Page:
Oh, Oh, I Want to Know-oh, Where Do The Whores Go?
I don’t pretend to have my finger on the blood pressure cuff of the Internet, but I get the impression readers grew tired of Tyrion’s one-track mind by the end of ADWD.
Tyrion Lannister, everyone’s favorite dwarf, asks “where do whores go?” or some variation thereof fifteen times in ADWD. He asks it aloud and he speculates about it in his head. He asks it of wealthy merchants, seasoned travelers, common servants and a few actual whores. The man’s not good for much else.
It gets a little tiring only because it’s not the Tyrion we’re used to. Tyrion Lannister was born to wealth but steeped in disrespect. He learned to use both his family’s gold and people’s tendency to underestimate him to his advantage. He has always been master of his circumstances, even if he wasn’t totally in control. And he’s always had an agenda.
So to see Tyrion wandering from port to port, repeating the same question like it’s an inside joke, can be a little disheartening.
GRRM clearly wants us to take note of this question (else why repeat it fifteen times?). So let’s consider what we know.
First, Tyrion asks this of almost everyone he meets. He first asks a mute cabin boy who’s cleaning him up before his visit to Pentos. He asks Illyrio Mopatis, the man behind the strings of several plots in the Free Cities. He asks the attendants in Mopatis’s estate. He asks the knight errant Duck, one of Young Griff’s coterie. He asks a whore in Selhorys. Tyrion doesn’t play his cards close to his chest, as he usually would. He spreads his inquiries far and wide. This in itself represents a departure from his usual mien.
Second, Tyrion asks a question that’s not all that mysterious. The blank stares he gets from most of the people he talks to should suggest as much. Asking where whores go is like asking “where are bricks?”. Whores are everywhere in Westeros and the Free Cities. There’s nowhere they’re not. It’s one of the few professions a free woman can enter that doesn’t require apprenticeship, wealth or marriage. It’s one of the few ways to profit off an army on the march. So Tyrion’s question either has no answer or infinite answers.
Third, Tyrion doesn’t really ask the question he’s after. He doesn’t want to know where whores go. He wants to know where Tysha went.
”Wherever whores go,” his father had said. His last words, and what words they were. The crossbow thrummed, Lord Tywin sat back down and Tyrion found himself waddling through the darkness …
But he doesn’t ask anyone about Tysha. He doesn’t describe her in much detail except to Penny, the jousting dwarf he gets bundled with after being kidnapped from Selhorys.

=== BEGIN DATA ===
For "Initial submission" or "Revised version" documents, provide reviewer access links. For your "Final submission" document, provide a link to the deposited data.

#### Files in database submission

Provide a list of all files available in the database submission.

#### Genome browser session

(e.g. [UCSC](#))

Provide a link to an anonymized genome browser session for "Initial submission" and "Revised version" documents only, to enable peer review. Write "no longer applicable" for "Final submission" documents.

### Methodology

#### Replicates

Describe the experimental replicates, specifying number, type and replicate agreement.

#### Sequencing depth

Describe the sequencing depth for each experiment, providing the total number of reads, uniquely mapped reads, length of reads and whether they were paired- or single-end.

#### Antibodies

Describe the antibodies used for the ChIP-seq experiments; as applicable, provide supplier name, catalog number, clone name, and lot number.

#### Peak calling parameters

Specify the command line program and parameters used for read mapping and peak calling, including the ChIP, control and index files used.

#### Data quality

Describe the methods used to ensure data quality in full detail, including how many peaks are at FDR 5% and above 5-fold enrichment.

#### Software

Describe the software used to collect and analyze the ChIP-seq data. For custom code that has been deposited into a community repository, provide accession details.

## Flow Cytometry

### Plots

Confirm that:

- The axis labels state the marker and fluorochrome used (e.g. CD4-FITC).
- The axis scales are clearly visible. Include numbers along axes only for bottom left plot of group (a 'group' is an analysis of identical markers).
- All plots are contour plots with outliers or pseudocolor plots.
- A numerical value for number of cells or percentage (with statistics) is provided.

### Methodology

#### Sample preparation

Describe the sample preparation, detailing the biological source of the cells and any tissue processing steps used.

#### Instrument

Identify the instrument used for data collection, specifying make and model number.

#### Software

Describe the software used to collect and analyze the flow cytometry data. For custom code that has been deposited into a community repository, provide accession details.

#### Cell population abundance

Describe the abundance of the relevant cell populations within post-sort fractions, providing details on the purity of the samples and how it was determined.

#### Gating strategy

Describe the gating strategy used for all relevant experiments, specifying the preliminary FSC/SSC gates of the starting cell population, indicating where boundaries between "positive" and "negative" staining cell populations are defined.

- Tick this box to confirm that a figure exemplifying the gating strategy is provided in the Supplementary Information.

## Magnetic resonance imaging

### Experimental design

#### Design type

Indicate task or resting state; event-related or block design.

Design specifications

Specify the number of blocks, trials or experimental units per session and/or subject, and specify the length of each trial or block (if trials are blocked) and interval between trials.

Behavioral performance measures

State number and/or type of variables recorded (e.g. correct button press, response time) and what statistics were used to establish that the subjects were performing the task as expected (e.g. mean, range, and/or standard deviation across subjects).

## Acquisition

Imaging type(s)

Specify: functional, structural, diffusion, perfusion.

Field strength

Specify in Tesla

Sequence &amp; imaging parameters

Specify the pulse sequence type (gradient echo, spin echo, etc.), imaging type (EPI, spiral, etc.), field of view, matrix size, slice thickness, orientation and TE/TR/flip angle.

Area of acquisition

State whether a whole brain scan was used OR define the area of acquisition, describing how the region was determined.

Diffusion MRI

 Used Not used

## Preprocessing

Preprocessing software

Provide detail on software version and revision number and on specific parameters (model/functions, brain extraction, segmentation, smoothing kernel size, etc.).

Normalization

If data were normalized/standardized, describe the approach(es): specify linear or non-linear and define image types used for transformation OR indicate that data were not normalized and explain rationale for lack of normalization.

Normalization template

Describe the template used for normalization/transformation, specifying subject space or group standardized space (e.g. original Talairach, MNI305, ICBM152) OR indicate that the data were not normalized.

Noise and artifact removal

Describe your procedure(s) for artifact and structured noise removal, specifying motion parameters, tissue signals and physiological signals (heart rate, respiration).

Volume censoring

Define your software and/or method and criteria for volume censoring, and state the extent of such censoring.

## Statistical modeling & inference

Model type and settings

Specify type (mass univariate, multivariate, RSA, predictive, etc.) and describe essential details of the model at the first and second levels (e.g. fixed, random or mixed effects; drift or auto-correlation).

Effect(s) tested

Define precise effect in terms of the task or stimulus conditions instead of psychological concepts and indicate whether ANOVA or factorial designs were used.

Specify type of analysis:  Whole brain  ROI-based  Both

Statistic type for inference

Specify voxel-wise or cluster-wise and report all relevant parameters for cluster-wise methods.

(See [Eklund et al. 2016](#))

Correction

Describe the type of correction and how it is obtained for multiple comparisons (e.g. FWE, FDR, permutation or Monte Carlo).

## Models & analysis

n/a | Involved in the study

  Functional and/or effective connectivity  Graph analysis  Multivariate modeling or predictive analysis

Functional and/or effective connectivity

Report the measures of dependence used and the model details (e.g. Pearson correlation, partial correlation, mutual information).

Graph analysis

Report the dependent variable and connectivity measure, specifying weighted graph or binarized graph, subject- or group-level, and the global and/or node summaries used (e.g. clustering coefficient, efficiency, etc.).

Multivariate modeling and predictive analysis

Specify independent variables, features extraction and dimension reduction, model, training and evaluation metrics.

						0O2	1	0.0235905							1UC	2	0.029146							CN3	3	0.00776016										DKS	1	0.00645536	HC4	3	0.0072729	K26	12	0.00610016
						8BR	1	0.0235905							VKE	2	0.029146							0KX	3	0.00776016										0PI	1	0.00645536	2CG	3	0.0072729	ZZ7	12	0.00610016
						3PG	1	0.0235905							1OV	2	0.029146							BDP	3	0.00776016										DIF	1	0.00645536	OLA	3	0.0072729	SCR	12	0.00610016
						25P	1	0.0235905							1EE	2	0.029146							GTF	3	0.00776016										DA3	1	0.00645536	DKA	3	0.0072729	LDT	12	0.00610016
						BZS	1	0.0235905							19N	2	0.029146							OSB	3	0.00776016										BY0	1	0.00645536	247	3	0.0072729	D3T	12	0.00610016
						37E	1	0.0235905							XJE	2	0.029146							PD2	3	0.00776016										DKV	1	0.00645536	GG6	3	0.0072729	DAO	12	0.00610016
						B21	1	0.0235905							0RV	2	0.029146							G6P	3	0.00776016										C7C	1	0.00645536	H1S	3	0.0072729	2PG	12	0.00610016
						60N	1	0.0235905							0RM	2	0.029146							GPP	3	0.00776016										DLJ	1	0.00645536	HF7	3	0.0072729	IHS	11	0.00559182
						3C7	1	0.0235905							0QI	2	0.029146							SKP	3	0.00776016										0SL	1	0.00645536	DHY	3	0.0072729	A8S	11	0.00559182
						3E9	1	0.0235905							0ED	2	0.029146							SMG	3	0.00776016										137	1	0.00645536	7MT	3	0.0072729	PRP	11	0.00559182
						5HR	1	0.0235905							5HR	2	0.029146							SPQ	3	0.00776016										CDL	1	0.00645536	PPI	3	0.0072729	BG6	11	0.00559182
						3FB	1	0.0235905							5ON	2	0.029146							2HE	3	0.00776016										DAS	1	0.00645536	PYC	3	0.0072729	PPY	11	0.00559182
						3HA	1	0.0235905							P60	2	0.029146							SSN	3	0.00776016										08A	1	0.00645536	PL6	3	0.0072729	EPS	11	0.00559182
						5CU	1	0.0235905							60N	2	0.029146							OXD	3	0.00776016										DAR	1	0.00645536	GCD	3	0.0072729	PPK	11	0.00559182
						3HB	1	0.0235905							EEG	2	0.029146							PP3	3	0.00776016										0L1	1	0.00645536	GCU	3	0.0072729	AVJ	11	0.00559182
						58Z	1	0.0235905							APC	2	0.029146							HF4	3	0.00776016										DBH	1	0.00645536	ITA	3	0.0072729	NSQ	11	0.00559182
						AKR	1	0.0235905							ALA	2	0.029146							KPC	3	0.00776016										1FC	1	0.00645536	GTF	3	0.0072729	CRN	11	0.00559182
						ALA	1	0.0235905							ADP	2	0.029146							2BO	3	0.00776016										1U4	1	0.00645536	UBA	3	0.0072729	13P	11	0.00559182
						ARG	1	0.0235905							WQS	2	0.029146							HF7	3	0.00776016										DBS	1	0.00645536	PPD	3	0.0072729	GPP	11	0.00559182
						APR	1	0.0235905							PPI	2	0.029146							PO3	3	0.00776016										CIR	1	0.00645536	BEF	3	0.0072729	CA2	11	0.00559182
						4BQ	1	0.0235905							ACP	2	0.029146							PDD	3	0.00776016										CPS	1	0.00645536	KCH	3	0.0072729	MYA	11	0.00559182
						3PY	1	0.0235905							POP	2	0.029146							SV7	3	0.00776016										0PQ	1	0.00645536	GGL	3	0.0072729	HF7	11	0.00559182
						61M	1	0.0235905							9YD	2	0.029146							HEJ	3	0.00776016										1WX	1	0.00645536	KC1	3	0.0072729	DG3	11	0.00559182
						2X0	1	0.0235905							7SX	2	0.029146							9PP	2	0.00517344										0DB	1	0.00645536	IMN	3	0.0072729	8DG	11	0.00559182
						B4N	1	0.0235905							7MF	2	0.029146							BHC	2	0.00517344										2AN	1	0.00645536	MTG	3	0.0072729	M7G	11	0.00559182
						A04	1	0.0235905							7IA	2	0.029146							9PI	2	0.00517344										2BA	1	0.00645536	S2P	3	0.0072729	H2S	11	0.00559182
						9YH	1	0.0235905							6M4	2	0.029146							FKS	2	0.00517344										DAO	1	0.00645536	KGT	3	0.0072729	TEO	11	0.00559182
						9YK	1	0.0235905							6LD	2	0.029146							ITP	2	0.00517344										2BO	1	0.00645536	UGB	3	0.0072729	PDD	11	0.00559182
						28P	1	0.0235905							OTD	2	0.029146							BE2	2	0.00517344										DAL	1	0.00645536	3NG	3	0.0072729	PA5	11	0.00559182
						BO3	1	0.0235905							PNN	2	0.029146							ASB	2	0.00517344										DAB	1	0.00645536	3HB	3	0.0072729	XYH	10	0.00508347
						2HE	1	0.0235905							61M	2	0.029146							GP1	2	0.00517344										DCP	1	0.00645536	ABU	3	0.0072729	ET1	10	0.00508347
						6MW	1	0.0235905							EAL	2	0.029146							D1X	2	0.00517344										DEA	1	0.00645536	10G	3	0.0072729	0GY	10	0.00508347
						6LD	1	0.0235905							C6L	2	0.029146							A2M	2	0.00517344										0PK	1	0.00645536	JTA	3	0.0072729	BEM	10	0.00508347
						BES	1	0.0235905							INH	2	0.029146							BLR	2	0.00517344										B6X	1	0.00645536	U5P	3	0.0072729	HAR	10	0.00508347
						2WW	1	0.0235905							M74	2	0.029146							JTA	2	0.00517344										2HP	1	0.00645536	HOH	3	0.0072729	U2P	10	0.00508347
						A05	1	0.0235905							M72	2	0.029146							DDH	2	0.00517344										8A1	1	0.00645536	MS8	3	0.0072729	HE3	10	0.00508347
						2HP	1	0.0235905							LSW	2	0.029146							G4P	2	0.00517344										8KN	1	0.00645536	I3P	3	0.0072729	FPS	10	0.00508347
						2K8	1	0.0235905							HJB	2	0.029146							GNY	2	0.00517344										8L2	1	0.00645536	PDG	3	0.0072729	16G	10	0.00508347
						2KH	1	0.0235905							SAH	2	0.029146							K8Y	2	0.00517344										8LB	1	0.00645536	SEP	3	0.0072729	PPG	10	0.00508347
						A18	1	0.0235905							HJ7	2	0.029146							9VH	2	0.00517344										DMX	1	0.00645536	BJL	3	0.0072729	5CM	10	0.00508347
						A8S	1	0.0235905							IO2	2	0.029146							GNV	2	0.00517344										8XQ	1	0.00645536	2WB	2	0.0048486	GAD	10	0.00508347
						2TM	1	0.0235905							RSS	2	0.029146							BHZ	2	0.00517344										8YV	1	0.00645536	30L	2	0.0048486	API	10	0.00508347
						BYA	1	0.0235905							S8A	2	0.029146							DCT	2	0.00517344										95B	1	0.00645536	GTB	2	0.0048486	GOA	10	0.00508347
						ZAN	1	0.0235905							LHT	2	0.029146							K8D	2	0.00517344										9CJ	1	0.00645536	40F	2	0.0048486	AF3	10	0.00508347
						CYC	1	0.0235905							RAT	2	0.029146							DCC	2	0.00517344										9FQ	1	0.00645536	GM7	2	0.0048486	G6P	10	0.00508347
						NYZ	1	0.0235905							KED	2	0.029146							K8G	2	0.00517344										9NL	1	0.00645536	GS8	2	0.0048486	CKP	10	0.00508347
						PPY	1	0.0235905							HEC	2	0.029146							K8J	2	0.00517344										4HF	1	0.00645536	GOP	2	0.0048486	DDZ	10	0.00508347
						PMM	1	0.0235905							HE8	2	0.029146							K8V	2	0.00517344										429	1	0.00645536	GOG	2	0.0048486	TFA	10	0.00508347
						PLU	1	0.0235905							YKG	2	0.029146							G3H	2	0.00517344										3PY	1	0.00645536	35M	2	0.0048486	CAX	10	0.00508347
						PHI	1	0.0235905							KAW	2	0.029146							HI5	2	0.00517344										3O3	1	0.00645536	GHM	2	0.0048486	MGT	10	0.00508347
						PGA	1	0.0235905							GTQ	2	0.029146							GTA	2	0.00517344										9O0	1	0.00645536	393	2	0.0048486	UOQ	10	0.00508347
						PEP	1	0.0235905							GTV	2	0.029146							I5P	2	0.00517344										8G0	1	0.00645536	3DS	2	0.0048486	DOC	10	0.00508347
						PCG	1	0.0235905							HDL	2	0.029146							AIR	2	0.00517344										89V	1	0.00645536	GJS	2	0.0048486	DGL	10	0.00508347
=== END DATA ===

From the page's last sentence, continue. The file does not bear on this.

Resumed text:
Whence this ambiguity? Whence this hesitation from the normally canny dwarf? To find out what Tyrion has in mind, we may need to go even farther east than he does.
In Zen Buddhism, students may be guided to insight with the use of koans. A koan is a question which defies rational analysis. The cliched riddles of “what is the sound of one hand clapping?” and “if a tree falls in the forest and no one’s there to hear it, does it make a sound?” are popular examples. A koan is not meant to be unanswerable. Rather, it is the process of embracing the multifaceted nature of the universe that the koan contains that shows whether the student has achieved insight.
The point of the koan is to meditate on it. Arriving at the answer and then stopping does not enhance one’s Buddha nature. Rather, pursuing the answer is as much a part of growth as finding the answer.
Tyrion’s not asking “where do whores go?” because he wants to know the literal answer. He’s asking it because he has no other purpose in life. When last we left Tyrion, he was Hand of the King. Then he was accused of poisoning Joffrey, locked up and condemned to death. He was given the hope of reprieve at the hands (or spear) of Oberyn Martell, then had that hope dashed. Having come to terms with death, he was freed at the last moment by Varys, departing King’s Landing with a brief detour to fulfill the Oedipal dream and murder his father. If it’s possible for a man to make sense of his life, everything that made sense of Tyrion’s was smashed in a few short months.
Tyrion Lannister is a man without purpose. The schemes, ambitions and simple hopes that made up his life have all been scattered. Having realized the illusory nature of possessions, ambition, status and even relationships, he’s in the perfect mindset to accept the nature of Zen Buddhism. To attain that state, he meditates on an unanswerable question.